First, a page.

First contact does not go as planned, but now Atevi and humans have an uneasy peace. The translator/ambassador between the two races is our main character Bren. It’s a stressful but quiet job spent attending meetings, filing reports, and trying to understand Atevi culture and language as best he can. One day his life is put in danger, though, and the story spirals from there.

The good:

  • Cherryh’s worldbuilding is wonderful. We learn tons of detail about Atevi language and history in passages that could feel like info dumps, but don’t. She’s thought things out in great detail, from how Atevi language influences their thought (there’s no word for “trust” or “friend”) to how such different cultures would exchange information over time.
  • Likewise, the characters are complex and the emotional beats ring true. Some people go through a heckuva lot over the course of the novel and they get just as mad and frustrated and sad as you would expect.
  • The beginning and the end of the book, especially, are exciting and kept me glued to the page.
  • I’m curious about and invested in this world.

The good-for-me:

  • I buddy read Foreigner with Rachel from Kalanadi which was amazing. She has read through much of the series before and provided context and encouragement when I needed it.

The not-so-good:

  • Once things get set into motion the reader is presented with a million things to puzzle over and wonder about but precious few answers. This, combined with Bren having next to no agency, made the middle third a little tough to get through. At the end of Book Three, Chapter Ten, though, things click into place and the meaning of many earlier events comes into focus. It was worth it for me, but may be annoying to some.
  • One way the Atevi are othered is that they have jet black skin, and that didn’t sit well with me, especially at first. Once we learn more of the history it’s obvious that the Atevi in no way correspond to people of color on Earth, but it’s not the best look. The book did come out in 1994, so keep that in mind, as well.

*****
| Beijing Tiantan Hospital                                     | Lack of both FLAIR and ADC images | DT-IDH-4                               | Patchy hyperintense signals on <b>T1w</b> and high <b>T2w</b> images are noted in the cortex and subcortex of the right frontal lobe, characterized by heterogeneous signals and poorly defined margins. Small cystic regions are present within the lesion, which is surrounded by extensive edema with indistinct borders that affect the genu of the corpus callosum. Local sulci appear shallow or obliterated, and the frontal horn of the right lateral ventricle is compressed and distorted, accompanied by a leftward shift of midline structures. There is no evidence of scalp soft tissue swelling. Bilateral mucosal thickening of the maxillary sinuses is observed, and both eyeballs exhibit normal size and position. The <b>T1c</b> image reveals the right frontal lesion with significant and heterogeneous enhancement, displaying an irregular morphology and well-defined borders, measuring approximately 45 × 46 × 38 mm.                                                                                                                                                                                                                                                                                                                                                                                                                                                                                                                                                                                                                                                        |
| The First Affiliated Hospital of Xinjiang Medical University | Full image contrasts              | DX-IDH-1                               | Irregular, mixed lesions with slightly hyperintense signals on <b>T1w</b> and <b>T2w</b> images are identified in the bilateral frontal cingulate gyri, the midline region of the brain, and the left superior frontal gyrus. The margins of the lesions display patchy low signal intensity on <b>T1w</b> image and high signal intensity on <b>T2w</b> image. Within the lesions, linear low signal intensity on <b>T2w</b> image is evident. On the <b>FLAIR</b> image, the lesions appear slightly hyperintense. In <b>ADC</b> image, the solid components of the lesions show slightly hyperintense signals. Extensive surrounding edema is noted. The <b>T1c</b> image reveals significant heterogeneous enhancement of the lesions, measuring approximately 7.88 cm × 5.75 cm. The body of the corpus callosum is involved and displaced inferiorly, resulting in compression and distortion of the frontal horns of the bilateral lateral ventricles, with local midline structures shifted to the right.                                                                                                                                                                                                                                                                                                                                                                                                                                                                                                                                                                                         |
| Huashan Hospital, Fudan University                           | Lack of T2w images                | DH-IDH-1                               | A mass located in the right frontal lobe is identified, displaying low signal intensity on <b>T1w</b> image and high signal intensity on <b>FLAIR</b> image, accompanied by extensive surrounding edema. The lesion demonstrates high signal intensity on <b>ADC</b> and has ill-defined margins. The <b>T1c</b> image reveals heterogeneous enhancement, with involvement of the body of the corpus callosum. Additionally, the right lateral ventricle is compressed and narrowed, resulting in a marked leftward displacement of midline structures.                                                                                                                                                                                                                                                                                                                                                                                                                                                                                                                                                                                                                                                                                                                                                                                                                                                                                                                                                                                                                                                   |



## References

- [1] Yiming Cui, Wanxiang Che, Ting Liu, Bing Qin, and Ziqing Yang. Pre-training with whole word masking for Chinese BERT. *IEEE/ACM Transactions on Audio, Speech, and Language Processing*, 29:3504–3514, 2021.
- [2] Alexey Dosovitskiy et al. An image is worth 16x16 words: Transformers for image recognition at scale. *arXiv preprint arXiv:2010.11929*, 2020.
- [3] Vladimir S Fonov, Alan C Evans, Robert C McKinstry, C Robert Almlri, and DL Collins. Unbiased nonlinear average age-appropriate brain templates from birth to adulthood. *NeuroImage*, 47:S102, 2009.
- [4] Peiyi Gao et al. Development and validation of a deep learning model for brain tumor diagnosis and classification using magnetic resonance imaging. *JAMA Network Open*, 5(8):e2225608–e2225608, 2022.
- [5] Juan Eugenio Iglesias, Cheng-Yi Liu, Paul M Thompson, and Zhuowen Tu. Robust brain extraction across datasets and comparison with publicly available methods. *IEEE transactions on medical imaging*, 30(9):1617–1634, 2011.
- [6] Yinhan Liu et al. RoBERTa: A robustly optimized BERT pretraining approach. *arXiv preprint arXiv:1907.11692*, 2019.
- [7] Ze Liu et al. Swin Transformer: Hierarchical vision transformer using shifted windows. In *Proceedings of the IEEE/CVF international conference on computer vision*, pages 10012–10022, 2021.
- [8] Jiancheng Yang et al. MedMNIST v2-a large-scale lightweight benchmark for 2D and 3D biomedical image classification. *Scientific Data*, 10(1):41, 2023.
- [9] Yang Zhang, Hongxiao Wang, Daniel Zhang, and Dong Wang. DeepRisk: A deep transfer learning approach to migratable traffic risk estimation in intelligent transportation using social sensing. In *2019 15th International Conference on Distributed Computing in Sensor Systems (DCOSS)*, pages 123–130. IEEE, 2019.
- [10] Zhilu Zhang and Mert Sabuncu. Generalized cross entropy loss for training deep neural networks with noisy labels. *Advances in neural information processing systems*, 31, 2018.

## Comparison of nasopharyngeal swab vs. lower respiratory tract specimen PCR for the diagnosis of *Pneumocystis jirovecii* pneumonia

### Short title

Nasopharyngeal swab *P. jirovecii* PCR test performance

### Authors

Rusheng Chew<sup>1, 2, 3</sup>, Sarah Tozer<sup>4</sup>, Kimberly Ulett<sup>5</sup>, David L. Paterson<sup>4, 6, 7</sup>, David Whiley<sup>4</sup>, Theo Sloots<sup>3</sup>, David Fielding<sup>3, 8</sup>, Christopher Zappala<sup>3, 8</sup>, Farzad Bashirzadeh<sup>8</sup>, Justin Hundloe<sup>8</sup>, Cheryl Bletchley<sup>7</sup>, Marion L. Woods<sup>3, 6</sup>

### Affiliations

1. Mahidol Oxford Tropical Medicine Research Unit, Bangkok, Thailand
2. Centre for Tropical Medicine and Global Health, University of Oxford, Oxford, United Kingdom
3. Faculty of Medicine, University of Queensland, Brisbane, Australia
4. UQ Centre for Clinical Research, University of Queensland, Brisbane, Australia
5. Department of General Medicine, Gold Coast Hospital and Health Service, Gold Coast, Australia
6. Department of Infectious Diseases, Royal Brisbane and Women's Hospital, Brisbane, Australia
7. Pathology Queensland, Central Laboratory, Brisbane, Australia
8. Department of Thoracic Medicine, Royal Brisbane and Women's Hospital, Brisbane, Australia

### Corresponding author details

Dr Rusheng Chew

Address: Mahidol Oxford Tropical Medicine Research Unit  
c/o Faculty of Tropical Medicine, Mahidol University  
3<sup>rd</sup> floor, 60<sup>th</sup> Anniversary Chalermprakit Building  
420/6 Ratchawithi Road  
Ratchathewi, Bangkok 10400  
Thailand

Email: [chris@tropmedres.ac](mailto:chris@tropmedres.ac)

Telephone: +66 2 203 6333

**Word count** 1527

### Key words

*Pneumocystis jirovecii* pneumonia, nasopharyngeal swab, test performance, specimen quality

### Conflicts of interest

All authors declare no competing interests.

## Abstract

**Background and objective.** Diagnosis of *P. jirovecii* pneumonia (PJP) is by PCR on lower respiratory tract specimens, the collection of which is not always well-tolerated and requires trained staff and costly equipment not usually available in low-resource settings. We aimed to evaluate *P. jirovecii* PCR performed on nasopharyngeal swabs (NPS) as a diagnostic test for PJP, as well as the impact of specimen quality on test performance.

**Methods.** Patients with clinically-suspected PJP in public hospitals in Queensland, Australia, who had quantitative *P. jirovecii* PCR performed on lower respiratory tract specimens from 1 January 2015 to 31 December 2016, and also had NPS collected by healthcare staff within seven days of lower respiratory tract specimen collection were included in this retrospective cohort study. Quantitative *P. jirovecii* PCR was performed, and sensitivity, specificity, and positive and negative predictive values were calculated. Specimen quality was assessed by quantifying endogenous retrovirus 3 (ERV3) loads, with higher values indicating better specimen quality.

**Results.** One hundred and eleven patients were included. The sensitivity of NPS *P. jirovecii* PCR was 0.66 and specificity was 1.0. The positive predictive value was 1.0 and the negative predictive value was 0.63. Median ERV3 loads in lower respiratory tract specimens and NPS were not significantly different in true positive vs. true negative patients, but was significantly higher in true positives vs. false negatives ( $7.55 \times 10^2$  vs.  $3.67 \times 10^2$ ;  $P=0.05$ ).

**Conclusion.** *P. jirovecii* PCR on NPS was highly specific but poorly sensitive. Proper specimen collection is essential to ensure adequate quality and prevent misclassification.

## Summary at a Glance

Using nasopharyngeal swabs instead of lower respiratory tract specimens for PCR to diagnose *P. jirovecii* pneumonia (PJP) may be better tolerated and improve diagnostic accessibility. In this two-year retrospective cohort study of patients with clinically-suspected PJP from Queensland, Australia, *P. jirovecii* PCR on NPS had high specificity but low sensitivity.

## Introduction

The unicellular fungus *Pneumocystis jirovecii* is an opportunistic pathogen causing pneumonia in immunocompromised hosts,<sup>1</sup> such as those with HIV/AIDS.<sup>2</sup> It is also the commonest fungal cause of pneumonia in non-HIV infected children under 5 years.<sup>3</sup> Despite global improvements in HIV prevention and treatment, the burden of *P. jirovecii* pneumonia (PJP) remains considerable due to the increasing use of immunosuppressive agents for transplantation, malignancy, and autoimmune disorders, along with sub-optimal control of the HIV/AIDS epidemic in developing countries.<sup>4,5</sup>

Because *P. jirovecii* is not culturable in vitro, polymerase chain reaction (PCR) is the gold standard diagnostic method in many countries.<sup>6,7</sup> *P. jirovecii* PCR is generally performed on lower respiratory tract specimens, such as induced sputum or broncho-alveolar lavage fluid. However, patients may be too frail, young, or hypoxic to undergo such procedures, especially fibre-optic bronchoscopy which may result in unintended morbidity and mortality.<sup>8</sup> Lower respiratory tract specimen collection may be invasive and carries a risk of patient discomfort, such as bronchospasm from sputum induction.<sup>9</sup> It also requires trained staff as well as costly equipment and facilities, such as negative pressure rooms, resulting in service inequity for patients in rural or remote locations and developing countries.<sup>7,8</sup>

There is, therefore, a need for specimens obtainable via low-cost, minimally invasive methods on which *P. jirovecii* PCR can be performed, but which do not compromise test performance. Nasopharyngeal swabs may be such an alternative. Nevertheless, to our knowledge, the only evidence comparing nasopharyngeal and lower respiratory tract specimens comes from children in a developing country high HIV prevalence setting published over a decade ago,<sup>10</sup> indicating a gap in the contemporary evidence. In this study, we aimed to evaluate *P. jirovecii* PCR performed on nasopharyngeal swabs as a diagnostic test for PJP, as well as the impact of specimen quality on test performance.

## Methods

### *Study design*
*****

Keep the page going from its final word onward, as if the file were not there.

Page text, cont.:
• …it doesn’t help that the humans are all super duper white, though.

There are a lot of details to keep straight so I’ll be diving into book two, Invader, right away. Apparently Cherryh wrote the books of this series as trilogies, so I’m curious to see how the three book arc shakes out.

Crux by H.E. Trent (Jekh Saga #2)

32335970._SY475_Erin McGarry fears she’s becoming the very thing she hates. She travelled to the planet Jekh to get her big sister, Courtney, out of a jam, and now Erin has become a colonist, too. To complicate her ordeal further, as one of very few women on a planet of desperate men, people expect Erin to pick a lover – or two – and settle down. With the Jekhan race having nearly been obliterated by Terran colonists, Erin refuses to help further dilute their culture. But at least two men think Erin’s objections don’t hold water….

Review:

This felt solid, largely because the heavy worldbuilding was taken care of in book one. I love the overarching plot, the themes of colonization and how best to rebuild a society that’s in trouble at a genetic level. The issues explored hark back to historical situations in the US but are completely different at the same time.

I wasn’t a huge fan of the romance, however. I wasn’t on board with Esteben because while he and Erin have a power exchange-esque dynamic it’s never discussed as such. As a result it feels creepy and kind of wrong, especially compared to her sweet relationship with swoon-worthy Headron.

There are a couple of elements that carried over from the first book that I wish didn’t, including native English speakers blithely using hard to understand idioms in front of people learning the language. I find it disingenuous that Erin and Courtney care so much about preserving Jekhan culture but don’t bother to learn their language, not even single words. They spend a lot of time reflecting on their position as colonizers, and at the same time expect all Jekhans to speak perfect English. GAH.

All that being said I’m excited to read the next book. I’m not sure the romance (m/f, not m/m/f) will be for me, but the large-scale story has me hooked.

Erstwhile by H.E. Trent (Jekh Saga #1)

31282859As an adamant opponent of Terran settlement on the planet Jekh, Owen McGarry made his family name synonymous with “traitor” on Earth. Nearly twenty years after Owen’s supposed death, his granddaughter Courtney wants to learn the truth—even if she has to travel to the far-flung colony to do it.

Court soon learns that not only was her grandfather right about the Jekhans, but that conditions on their world are far more hostile than she feared. Terran forces decimated the population of the resident human-alien hybrids, and the people who remain seem to be all out of fight. That is, except for the pair of men Court finds hiding in her basement.

Review: